Have a Twitter account. Rarely use it. It just sits there. In fact I have it when I have an issue that is ignored by front line support staff. It has helped on those few occasions I’ve needed. it.

    And now I am following Jeff Duntemann on Twitter. 🙂

  7. Jim Tubman says:

    Mike Weasner hit the nail on the head.

    Although I do post on Twitter (probably more than I should), it can be a very useful service even if all you do is lurk, as long as you are selective about what/who you follow. You don’t have to post responses to anything; you don’t have to argue with anyone.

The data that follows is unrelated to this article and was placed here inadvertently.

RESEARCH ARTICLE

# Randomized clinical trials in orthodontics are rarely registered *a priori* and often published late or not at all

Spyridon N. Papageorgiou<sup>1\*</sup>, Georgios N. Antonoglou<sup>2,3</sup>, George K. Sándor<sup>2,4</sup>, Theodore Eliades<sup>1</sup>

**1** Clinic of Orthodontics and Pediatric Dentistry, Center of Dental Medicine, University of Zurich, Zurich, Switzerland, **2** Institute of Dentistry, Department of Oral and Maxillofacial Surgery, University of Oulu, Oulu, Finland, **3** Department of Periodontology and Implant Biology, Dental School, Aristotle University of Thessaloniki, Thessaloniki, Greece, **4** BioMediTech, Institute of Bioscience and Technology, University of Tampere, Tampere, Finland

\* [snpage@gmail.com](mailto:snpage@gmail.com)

As a practical example, I created a Twitter list called “Commute.” The Twitter accounts in it are all related to road and traffic conditions in my area: the city and provincial transportation departments, local radio stations that have specific Twitter accounts just for traffic information, and the local chapter of the Canadian Automobile Association. The tweets on that list have lots of good, practical information for safe driving.

    When Calgary had its flood disaster in 2013, Twitter was the best and fastest way of finding out what was actually going on. News organizations tweeted links to their articles and other information. Our mayor, Naheed Nenshi (@nenshi), is very clued about social media and used it to get information out there.

    Twitter is valuable if used with discretion.